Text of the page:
Enough Sports, What about Work Teams?

Searching online turned up some great organizational development and scrum articles like Mark Ridley’s “What’s the perfect team size.” (I confess, I’m biased towards this one because he uses Neo4j, the last product I marketed, to express the total number of relationships among teams of any size.) He ultimately concludes that the ideal team size is between 4 and 9 people.  

Building the ROI Model

Now that I have my five team members, I’d like to figure out how much I might save if I didn’t need them. Or what I might accomplish if I reallocated them and their focus time to specific tasks to which they are suited.  To answer the first question, “how much money would I save if I didn’t need to hire a team?” is pretty straightforward. 

I can figure out how much a data architect or data engineer can expect to make from ( does not yet track salaries for Data Engineers.) From the table below, we see that the average salary is $142.6k and I’ll estimate that their fully loaded costs with benefits and bonuses add another 25%, making the average cost per team member, just over $178k. So, if I save three team member hires, that’s over $530k and a five-member team is almost $900k per year. Wow!  

San FranciscoMedian Salary
Data Architect I$98,000
Data Architect II$129,000
Data Architect III$144,000
Data Architect IV$163,000
Data Architect V$179,000
25% Benefits$35,650
Avg Team Members’ Cost$178,250
3-Member Team Savings$534,750
5-Member Team Savings$891,250

Increasing Team Member’s Percent Time Investment in Data (%TID)

Unlike Uber, I’m not going to lay off my engineers, they are still too valuable.  What I’d like to do is increase their time invested in data (%TID), capitalizing on their SQL skills because the infrastructure doesn’t need much attention. That table looks like this:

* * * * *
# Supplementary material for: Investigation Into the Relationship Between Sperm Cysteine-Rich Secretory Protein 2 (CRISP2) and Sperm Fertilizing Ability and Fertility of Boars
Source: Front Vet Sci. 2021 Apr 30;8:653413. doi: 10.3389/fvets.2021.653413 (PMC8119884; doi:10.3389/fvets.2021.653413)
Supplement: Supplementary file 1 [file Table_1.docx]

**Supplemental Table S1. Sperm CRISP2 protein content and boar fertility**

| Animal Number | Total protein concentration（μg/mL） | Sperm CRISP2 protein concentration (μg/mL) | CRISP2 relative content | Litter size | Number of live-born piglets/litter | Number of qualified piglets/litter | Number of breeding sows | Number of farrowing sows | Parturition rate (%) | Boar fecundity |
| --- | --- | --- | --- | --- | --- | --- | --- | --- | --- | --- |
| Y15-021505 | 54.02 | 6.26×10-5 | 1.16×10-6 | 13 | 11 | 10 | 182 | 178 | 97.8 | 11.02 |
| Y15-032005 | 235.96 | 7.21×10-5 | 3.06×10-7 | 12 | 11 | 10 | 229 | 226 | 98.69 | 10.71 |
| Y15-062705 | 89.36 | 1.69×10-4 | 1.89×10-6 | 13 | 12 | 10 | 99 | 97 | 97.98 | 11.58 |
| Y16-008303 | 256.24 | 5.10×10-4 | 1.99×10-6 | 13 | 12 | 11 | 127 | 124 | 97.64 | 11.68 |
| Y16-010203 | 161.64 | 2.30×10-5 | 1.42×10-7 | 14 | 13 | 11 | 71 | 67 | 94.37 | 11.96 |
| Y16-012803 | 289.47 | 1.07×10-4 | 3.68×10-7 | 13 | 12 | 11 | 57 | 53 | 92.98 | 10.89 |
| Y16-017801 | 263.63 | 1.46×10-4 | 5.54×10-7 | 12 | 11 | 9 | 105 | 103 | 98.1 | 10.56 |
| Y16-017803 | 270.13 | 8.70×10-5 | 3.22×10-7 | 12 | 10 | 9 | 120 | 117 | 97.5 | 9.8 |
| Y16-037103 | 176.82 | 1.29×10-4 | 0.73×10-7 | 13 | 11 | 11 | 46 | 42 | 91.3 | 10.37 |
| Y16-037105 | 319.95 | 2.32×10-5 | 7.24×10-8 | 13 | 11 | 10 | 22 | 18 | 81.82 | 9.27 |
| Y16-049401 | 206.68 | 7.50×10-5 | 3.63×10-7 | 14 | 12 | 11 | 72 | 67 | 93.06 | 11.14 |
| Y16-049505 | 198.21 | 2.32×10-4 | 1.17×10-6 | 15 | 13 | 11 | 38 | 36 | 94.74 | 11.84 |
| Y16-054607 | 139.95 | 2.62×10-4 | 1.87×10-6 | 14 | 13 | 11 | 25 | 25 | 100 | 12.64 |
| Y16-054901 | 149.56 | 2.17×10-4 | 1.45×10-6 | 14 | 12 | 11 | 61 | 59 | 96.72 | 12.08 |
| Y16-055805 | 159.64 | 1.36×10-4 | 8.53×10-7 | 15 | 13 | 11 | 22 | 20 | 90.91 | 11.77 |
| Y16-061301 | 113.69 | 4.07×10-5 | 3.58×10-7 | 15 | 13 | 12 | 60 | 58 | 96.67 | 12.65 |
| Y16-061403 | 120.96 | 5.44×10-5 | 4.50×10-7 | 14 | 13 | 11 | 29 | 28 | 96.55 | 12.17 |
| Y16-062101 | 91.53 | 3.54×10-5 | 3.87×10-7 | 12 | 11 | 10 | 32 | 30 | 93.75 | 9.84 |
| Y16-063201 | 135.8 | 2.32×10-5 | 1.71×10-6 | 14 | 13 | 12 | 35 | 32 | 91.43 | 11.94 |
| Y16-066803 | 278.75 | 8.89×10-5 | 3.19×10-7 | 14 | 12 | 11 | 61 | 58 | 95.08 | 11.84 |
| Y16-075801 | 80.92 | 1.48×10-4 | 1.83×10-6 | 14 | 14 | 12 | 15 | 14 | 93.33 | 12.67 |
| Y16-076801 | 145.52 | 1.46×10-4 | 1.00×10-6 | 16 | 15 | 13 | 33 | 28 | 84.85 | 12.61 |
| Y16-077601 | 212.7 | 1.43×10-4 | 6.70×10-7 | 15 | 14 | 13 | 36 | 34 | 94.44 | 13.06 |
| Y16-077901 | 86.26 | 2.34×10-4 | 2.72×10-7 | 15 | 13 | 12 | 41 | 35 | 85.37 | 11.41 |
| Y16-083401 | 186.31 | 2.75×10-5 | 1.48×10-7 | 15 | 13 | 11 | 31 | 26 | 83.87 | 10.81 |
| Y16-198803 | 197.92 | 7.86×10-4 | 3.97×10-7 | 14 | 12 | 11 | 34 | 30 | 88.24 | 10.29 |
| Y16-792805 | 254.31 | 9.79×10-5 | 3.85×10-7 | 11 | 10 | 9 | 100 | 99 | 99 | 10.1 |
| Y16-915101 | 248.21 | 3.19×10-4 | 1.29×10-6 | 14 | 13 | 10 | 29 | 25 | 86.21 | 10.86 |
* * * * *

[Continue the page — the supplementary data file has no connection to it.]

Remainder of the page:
Team Member %Time invested in DataExisting %TIDNew %TIDData Investment
1 Team Member20%70%+50%
Value per member$35,650$124,775$89,125
5 Team Members’ Investment in Data $623,875$455,625

So, if they go from 20% of their time invested in data, to 70%, that’s a plus 50% bump in their data investment, which works out to be over $89k per employee or over $450k per team. 

We can now look at these benefits in a few ways: 

  • Almost $900k in savings if I don’t have to build the team, or
  • Over $620k in the team’s total % Time Invested in Data (%TID), and
  • Acceleration of our decision and data refresh cycles. (One of our customers went from data refreshes every two days to every 2 hours, which is 2400% faster) 

Those are pretty big returns, and I suspect the benefits of outsourcing my data infrastructure (assuming I make no trade-offs in security and manageability) are even bigger, like: 

  • Reduction in cost and complexity of licensing multiple tools, (our customers would need to know over 100 different technologies, APIs and AWS services to build a comparable data infrastructure stack), and 
  • having full control over my AWS utilization rates because the environment is both serverless and lets me throttle my data flow rates myself. 

I’m hosting a webinar tomorrow morning on the Top 5 requirements for AWS-native Data Pipelines. In it, I’ll explain the latter two benefits more deeply as we discuss why a serverless microservices architecture, which is how we are built, is the optimal deployment model for AWS customers. Then we’ll talk about how orchestration, change awareness and data publishing are the remaining key requirements beyond supporting AWS best practice ELT, like most other vendors are touting to enjoying the customer benefits I’ve described in this post. 

Click here to register for tomorrow’s event or to receive its recording afterward.